Maybe it’s the approach of Halloween, or an impending sense of defeat for pro-Obamacare Democrats like Sen. Mark Pryor of Arkansas. Whatever the reason, the Daily Beast’s Asawin Suebsaeng is trying–rather desperately–to scare voters by resurrecting a long-dead argument: that Rep. Tom Cotton, now just days away from winning Pryor’s U.S. Senate seat, wants to prosecute journalists–just like the Obama administration has been doing.
“Does Tom Cotton Still Want to Jail Journalists?” Suebsaeng asks. Three years ago, in an attempt to head off Cotton’s electoral ambitions, Mother Jones tried the same trick in a piece entitled: “The GOP Candidate Who Wants Journos Jailed.” The accusation–extrapolated to “journalists” in general for maximum hysteria–refers to a letter Tom Cotton wrote to the New York Times while serving on the front lines in the U.S. Army in Iraq.
The Times had just published an exposé on how President George W. Bush was using electronic information to track terror financing. The program put private information at risk–but exposing it put lives at risk, since terror organizations would now know how to evade U.S. monitoring. Cotton, writing from the front lines, expressed his hope that the journalists in question, Eric Lichtblau and James Risen, would be prosecuted for espionage.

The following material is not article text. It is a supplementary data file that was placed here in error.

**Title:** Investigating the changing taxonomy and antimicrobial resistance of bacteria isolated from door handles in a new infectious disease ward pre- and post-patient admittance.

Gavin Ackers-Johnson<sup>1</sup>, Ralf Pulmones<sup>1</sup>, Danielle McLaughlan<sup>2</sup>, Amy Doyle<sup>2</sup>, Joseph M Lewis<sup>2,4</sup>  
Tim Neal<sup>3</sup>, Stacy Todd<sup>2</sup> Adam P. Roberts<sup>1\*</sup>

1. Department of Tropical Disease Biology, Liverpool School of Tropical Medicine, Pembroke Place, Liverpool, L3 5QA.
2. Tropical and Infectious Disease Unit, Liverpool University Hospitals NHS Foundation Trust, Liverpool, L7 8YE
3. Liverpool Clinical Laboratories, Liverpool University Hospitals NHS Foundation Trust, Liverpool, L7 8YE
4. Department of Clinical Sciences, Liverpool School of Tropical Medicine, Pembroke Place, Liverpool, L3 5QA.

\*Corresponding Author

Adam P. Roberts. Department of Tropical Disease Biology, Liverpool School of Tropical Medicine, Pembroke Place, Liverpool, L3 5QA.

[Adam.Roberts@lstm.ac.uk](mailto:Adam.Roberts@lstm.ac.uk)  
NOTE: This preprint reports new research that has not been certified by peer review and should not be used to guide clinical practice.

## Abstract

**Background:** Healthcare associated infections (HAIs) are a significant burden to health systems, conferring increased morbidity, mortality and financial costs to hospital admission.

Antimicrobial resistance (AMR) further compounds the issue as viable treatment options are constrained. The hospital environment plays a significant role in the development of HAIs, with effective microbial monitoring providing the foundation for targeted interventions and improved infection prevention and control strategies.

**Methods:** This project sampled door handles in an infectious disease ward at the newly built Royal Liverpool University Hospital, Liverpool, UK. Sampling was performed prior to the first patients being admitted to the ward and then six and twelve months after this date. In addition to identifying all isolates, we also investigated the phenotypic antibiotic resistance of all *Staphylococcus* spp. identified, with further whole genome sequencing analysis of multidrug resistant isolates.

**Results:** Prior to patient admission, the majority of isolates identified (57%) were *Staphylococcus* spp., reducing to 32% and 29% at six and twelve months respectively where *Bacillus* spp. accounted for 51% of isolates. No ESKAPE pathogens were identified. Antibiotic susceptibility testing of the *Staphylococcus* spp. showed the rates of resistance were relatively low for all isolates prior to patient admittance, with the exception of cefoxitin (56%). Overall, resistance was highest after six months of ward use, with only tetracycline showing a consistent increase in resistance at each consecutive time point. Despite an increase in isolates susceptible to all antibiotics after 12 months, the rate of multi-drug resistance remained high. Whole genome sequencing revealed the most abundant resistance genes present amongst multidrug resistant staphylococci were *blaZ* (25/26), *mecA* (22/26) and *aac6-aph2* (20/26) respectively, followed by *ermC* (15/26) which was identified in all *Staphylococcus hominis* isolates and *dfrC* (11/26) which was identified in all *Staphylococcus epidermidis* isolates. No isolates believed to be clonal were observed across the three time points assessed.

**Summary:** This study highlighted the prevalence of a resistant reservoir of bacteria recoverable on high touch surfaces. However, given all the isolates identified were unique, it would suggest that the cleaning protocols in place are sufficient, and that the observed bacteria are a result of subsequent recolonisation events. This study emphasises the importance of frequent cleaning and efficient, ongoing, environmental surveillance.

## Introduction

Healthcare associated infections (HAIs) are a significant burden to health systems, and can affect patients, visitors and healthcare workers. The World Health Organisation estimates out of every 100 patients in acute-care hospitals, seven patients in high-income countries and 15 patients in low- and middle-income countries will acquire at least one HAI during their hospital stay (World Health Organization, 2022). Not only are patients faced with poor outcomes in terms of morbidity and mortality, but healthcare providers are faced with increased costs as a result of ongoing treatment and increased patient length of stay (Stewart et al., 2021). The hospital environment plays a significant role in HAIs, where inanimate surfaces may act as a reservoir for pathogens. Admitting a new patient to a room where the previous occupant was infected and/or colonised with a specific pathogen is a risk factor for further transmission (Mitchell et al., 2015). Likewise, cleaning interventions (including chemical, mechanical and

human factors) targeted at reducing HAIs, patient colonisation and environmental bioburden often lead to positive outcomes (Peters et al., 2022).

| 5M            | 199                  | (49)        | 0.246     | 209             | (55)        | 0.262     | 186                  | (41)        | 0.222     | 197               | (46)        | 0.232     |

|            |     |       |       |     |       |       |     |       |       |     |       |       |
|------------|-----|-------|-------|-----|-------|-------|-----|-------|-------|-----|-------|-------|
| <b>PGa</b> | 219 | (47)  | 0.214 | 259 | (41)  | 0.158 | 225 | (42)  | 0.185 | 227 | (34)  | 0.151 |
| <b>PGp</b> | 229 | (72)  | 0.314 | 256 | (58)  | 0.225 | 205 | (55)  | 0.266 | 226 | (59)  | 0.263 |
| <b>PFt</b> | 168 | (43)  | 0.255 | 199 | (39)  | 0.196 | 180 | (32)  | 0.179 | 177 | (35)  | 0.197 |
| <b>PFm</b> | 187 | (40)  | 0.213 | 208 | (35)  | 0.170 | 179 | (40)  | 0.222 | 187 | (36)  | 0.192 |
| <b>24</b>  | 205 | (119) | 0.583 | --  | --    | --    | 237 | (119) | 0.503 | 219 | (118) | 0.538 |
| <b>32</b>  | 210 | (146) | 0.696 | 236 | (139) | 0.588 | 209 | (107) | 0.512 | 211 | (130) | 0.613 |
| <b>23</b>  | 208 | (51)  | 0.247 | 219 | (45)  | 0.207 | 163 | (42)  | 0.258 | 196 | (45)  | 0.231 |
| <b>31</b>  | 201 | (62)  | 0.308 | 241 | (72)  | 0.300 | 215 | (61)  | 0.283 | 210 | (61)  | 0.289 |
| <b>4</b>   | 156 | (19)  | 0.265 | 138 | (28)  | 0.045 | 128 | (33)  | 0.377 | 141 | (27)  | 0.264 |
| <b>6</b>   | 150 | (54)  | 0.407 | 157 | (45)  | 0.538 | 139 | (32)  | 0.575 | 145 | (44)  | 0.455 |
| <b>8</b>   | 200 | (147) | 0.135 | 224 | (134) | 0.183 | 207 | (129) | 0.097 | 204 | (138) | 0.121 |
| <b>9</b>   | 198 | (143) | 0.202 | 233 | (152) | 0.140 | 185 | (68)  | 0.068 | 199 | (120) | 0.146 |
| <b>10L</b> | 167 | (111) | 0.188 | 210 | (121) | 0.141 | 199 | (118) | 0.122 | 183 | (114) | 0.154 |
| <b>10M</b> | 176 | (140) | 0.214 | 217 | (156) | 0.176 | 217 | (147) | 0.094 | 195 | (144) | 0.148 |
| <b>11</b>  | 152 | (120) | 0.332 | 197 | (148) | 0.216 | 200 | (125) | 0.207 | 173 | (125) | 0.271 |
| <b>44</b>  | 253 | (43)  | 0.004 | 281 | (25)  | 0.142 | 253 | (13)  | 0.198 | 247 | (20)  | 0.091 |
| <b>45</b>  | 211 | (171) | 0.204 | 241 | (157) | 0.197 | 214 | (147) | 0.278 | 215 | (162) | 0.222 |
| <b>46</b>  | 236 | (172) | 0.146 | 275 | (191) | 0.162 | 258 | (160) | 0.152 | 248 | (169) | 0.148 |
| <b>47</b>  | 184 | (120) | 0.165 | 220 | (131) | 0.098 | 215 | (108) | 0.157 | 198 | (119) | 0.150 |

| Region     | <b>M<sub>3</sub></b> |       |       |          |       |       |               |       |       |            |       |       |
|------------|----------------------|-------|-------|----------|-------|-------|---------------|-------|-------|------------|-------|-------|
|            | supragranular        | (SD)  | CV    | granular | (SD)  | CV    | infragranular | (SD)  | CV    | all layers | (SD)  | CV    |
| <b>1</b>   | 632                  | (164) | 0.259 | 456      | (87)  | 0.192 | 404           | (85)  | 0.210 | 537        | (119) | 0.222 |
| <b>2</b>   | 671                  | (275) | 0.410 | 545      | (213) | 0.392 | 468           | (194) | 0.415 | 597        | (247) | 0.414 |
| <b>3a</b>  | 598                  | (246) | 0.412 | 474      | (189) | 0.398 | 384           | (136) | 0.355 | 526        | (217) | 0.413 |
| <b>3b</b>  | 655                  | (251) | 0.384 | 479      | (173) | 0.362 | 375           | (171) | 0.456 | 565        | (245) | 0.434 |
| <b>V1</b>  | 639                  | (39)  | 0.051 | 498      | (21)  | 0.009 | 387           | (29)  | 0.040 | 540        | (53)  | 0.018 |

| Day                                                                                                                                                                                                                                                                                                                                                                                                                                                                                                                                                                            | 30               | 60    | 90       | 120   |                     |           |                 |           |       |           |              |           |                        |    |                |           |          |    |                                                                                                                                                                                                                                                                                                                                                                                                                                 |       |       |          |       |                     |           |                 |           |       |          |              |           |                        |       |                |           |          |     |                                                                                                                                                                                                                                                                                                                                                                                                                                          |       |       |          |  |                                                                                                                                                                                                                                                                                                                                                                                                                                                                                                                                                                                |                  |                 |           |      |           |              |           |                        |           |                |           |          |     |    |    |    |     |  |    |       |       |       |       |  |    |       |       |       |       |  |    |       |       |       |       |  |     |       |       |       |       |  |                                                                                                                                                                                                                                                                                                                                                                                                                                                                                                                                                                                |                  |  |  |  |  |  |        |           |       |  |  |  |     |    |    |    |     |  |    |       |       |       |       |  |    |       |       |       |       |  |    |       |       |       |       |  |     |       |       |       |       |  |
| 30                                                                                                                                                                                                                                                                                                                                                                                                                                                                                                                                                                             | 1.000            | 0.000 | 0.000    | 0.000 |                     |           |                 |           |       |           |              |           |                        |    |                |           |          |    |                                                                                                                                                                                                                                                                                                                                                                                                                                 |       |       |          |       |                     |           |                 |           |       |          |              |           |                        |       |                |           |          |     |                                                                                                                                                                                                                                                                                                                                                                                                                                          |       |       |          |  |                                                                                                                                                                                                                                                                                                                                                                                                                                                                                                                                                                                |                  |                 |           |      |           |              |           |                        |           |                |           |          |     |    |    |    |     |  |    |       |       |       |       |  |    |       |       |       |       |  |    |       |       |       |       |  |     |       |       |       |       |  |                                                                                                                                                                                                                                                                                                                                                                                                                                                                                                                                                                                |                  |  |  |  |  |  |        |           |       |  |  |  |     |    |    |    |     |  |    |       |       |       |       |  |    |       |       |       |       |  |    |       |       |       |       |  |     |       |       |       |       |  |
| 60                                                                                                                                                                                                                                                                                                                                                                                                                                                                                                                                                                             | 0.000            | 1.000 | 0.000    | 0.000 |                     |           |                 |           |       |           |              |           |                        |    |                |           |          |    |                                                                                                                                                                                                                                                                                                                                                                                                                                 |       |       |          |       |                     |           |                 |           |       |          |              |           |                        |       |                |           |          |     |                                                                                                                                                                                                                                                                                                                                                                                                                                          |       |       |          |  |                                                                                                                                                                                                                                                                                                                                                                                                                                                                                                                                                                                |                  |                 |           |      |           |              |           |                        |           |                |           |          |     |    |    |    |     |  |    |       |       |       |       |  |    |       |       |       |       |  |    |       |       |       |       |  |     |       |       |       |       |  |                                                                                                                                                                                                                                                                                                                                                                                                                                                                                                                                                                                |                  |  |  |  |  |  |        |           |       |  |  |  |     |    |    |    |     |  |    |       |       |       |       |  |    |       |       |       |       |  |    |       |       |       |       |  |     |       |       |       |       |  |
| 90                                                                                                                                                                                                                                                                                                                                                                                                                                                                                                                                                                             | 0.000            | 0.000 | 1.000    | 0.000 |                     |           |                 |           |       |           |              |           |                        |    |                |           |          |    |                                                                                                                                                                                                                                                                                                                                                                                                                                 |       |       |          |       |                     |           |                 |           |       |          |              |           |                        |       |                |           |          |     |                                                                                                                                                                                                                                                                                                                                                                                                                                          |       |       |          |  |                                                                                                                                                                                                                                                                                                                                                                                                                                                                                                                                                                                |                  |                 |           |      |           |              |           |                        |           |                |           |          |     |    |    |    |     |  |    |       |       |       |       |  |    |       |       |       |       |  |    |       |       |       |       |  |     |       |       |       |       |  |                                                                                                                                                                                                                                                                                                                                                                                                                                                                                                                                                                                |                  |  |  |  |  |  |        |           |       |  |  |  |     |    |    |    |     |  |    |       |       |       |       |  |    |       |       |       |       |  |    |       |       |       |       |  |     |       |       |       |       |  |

No prosecutions were undertaken. But President Barack Obama has indeed considered prosecuting Fox News’ James Rosen, whose private emails and phone records were monitored after he published information about a secret North Korean nuclear test. The outrage was compounded by the fact that Attorney General Eric Holder allegedly committed perjury when he told Congress there was no thought of “potential prosecution of the press.”
Suebsaeng tries to connect the two, suggesting that Cotton and Obama “can find some common ground over their mutual annoyance at this New York Times reporter”–i.e. Risen, who has been subpoenaed in another case. Nowhere does Suebsaeng appear to acknowledge that there are actually situations in which journalists might be subject to prosecution for violating espionage laws. His point is merely to take a late swipe at Cotton.
The fact that the world might look a little different from the perspective of a soldier losing companions to terror attacks on a daily basis–fighting for the very freedoms Suebsaeng cites–is also something he deliberately sets aside. No doubt it will be raised again if Cotton aspires to even higher office. The problem for Suebsaeng is that this hyperbolic attack on Cotton is several years old already. And it has failed every time it has been tried.
Senior Editor-at-Large Joel B. Pollak edits Breitbart California and is the author of the new ebook, Wacko Birds: The Fall (and Rise) of the Tea Party, available for Amazon Kindle.
Follow Joel on Twitter: @joelpollak